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7 Songs You Need At A Turkish Wedding

There is a pattern with Turkish weddings where you can almost pin point the songs that bands pull out when they feel the crowd are thinning out. (Usually it’s because food it being served)

As you know at Turkish weddings you don’t need much to get people dancing, but here are 7 tracks you will always hear at a Turkish wedding when the dance floor needs filling.

WARNING: Reading this post could cause your hips to begin and you may feel the urge to start throwing dollars in the air.

1 – ‘Feeling Hot Hot Hot’
Always a winner to get people moving. Although it’s not a Turkish song expect the band to replace the word ‘Hot’ to “sicak, sicak, sicak”.

2 – Dilirga
A North Cyprus special for any wedding. It pleases all ages as everyone knows the works. A song that has been around for years is aways guaranteed to get people shaking their gots.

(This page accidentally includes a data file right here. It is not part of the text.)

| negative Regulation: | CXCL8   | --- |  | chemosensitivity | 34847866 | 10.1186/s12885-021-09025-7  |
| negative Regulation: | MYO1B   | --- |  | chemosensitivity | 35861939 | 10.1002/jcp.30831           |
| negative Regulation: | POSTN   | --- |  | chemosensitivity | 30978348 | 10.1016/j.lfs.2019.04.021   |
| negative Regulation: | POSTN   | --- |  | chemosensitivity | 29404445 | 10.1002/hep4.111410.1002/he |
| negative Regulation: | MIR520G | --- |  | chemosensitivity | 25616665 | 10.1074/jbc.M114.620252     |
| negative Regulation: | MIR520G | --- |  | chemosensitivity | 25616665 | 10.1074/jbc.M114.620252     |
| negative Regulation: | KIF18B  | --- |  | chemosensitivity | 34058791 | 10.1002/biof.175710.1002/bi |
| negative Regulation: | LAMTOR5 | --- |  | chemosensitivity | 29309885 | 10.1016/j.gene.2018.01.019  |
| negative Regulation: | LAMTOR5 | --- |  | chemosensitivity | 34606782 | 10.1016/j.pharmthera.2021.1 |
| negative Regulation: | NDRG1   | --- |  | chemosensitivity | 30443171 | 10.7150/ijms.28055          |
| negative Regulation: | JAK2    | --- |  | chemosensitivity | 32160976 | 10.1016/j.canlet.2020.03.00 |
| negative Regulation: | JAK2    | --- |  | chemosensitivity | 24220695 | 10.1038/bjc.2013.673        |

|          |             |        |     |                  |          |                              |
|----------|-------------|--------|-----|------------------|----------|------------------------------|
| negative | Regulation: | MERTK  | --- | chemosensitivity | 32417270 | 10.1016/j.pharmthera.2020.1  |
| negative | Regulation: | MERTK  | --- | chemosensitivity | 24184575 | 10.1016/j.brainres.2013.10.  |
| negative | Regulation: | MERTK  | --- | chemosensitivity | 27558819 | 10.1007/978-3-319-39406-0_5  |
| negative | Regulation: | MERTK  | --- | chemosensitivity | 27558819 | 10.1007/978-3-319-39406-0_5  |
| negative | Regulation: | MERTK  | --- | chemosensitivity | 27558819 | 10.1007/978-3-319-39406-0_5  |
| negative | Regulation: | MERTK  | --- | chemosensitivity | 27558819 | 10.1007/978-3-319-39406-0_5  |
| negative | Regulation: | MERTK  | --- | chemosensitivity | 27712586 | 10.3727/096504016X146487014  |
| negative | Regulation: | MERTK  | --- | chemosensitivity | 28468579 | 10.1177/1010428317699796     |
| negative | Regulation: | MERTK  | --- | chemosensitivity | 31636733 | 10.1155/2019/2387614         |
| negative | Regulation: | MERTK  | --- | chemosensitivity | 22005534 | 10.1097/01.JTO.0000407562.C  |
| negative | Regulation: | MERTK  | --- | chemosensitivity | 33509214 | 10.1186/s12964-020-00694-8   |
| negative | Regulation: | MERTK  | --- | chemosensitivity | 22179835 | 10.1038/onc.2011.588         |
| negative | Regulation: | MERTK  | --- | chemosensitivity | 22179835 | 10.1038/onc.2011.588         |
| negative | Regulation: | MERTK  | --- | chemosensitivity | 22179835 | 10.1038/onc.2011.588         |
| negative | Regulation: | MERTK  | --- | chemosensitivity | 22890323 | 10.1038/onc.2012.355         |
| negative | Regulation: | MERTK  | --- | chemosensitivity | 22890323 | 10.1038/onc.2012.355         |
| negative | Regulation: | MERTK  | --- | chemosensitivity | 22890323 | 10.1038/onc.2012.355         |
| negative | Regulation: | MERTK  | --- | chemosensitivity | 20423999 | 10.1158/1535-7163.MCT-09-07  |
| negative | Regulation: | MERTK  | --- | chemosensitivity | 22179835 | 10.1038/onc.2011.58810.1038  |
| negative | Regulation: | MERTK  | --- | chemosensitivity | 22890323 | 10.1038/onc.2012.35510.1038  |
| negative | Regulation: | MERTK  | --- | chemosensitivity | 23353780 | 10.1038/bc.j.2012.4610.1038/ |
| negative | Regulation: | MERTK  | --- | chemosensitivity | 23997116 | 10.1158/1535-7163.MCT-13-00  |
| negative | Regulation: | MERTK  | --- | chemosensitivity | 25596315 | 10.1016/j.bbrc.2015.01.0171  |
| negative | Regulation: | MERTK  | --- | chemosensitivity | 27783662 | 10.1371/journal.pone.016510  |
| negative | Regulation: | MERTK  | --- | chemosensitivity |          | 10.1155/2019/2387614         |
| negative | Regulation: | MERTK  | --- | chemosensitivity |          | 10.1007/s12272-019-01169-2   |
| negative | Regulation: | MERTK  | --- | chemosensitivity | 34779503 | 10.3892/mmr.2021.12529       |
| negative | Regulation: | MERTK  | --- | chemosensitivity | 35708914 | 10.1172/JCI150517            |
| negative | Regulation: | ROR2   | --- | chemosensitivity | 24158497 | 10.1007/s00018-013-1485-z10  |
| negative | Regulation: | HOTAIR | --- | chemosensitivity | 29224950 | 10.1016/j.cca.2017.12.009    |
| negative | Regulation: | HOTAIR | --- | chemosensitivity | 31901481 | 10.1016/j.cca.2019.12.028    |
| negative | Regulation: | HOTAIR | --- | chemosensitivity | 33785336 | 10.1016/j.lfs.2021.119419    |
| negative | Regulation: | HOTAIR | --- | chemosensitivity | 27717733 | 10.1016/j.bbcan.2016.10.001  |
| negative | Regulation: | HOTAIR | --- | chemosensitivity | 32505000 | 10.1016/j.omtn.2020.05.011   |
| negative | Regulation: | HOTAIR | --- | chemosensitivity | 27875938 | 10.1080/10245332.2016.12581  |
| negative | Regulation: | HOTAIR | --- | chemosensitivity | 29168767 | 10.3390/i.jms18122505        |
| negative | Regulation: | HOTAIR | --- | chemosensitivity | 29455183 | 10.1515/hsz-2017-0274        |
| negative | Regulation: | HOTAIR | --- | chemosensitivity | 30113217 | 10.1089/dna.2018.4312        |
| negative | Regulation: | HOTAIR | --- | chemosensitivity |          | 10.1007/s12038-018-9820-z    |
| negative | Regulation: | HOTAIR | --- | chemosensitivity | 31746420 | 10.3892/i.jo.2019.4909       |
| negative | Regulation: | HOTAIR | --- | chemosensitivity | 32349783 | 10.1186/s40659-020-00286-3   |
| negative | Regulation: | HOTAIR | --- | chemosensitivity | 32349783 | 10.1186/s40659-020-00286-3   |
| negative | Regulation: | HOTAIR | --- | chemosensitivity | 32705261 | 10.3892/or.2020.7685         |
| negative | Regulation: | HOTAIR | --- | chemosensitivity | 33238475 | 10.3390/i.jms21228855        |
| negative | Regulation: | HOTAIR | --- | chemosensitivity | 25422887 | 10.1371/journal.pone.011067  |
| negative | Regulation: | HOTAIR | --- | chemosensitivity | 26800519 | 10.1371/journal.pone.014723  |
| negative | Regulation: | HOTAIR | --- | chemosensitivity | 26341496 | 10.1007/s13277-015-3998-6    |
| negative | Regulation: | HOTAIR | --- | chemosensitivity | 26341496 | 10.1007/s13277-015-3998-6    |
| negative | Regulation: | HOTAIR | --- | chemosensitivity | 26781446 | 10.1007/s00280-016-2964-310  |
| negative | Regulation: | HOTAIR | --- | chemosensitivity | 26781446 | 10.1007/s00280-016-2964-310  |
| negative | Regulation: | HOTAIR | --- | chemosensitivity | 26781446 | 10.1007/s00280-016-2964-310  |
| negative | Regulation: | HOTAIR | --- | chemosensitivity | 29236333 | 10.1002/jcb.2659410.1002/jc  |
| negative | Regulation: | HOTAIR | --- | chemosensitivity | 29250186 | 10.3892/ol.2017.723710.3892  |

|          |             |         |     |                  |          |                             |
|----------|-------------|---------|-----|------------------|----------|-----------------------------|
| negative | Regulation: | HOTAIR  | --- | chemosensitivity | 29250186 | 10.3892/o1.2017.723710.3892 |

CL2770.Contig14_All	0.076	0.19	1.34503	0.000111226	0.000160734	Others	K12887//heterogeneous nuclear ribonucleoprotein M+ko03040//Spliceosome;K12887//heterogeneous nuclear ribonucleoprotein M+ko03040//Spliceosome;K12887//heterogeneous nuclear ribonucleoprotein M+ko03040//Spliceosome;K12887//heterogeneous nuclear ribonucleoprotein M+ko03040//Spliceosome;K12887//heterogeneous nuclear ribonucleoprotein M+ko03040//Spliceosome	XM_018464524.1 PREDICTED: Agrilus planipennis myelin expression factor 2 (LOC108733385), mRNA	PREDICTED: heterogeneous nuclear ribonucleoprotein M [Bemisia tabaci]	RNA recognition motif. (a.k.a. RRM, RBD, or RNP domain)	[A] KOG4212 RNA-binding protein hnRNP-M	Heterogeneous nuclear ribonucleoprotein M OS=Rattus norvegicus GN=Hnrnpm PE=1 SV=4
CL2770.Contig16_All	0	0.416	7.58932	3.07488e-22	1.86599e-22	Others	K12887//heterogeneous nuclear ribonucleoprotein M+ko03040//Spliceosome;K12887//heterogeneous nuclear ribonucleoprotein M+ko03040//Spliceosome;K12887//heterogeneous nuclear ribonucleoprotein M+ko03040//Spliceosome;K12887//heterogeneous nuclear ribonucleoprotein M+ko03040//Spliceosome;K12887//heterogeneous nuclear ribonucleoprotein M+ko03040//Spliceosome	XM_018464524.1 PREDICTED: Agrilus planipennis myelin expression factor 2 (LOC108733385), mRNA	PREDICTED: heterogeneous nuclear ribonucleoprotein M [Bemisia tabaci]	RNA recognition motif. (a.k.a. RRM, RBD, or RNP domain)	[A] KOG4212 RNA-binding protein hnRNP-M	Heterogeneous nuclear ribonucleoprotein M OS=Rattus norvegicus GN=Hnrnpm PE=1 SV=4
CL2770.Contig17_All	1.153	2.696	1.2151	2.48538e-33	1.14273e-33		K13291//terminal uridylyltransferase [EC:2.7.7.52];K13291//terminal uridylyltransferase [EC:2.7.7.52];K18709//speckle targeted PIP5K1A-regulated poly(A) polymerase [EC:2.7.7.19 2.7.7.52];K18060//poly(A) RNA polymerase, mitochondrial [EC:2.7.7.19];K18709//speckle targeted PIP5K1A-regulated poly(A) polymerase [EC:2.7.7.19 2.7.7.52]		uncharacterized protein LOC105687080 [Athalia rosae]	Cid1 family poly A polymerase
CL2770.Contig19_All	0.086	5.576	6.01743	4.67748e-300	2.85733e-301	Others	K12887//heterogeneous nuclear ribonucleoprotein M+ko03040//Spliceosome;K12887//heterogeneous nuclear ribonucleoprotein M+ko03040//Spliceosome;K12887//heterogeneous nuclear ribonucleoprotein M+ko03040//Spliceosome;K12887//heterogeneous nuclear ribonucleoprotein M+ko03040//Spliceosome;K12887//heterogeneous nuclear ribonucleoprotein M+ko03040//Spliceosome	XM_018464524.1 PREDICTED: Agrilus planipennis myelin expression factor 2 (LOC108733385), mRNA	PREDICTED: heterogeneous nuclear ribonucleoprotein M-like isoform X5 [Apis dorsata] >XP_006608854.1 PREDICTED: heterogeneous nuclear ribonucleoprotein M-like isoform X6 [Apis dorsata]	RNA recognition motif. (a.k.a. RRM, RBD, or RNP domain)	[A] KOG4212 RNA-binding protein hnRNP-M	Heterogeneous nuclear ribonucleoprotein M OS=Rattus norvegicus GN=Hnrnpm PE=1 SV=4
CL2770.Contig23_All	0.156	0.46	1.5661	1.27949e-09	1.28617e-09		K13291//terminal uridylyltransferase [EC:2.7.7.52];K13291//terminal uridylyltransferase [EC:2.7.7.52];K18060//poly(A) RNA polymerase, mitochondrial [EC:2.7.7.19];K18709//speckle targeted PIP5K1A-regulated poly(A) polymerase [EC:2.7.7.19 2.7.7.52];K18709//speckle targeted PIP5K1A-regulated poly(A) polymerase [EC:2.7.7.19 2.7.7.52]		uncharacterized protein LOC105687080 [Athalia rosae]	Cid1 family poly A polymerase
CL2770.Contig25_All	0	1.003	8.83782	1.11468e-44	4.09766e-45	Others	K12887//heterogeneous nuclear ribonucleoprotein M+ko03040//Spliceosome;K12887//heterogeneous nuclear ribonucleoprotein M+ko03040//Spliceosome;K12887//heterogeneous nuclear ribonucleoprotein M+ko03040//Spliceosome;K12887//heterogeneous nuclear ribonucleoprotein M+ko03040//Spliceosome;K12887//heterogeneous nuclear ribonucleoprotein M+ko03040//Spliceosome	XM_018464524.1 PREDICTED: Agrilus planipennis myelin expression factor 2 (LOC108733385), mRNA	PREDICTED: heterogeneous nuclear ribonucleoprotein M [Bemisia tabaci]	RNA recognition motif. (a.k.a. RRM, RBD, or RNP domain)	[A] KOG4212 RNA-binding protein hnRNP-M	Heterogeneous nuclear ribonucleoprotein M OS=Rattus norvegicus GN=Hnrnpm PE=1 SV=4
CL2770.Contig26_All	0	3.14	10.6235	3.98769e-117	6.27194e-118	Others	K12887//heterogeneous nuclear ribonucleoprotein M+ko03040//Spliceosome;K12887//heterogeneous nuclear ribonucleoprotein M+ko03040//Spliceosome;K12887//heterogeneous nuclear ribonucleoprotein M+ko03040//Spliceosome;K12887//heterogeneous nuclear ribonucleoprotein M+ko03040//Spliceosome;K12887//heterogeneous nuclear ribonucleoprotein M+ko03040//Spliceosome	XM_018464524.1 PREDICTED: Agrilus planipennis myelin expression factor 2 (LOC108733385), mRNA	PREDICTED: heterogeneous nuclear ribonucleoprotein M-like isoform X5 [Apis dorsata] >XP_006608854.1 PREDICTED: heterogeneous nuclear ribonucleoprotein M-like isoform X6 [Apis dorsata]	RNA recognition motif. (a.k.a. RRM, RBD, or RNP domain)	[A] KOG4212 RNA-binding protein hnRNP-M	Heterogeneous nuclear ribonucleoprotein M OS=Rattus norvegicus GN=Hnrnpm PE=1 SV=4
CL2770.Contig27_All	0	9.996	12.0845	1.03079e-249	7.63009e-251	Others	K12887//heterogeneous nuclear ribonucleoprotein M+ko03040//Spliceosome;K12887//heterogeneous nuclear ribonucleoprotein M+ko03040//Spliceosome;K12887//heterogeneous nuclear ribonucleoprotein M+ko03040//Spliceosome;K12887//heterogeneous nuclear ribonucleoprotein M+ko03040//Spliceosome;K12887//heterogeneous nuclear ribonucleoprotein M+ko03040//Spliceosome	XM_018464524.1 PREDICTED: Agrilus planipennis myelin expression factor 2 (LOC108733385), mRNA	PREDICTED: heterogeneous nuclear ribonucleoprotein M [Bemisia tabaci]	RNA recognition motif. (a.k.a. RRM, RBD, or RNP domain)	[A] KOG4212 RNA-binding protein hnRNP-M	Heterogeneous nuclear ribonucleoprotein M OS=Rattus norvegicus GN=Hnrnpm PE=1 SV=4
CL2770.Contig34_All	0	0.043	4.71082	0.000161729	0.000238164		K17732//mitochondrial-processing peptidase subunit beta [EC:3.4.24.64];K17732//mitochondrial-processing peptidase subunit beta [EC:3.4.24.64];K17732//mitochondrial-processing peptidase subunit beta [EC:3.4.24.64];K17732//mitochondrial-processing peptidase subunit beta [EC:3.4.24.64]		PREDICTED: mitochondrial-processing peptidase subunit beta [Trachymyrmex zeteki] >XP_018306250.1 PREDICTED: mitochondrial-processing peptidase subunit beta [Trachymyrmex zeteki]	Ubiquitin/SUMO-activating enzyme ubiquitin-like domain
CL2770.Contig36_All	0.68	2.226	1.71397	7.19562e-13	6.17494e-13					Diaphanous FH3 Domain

3 – Tarkan – Simark
Here’s one every band needs. This track is saved when they want to get the non Turkish people up but are unsure how.

This is always the one track the non Turkish people will somehow be familiar with. Either thanks to Holly Valance or from that one holiday they took to Bodrum in 2002. 


4 – Hadi Hadi Hadi
So good they say the chorus 3 times, Its a proper sing a long song. The older Turks will be familiar with the Fatih Ürek version, whereas the younger Turks will be more familiar with the Ibrahim Tatlises version.

Wait for the ‘hadi’ bit and hear the room erupt as everyone sings along.

 

5 – Fersupanallah
Throw your hands in the air and wave them like you just don’t care to this one.
Expect to see your baba and his cousins dancing like they are in their 20s. Expect white hankys being thrown around and lots of men dancing together.

 

6 – Ciftetellisi
There are almost a million different versions, but being a Kibrisli I grew up to this version. I can smell the dollar bills being thrown in the air now

7 – Careless Whisper
This is the one English song you will always hear from the singer who doesn’t speak English very well. In fact it’s not the same if the singer doesn’t have an accent. Who hasn’t slow danced with their parent to this song?

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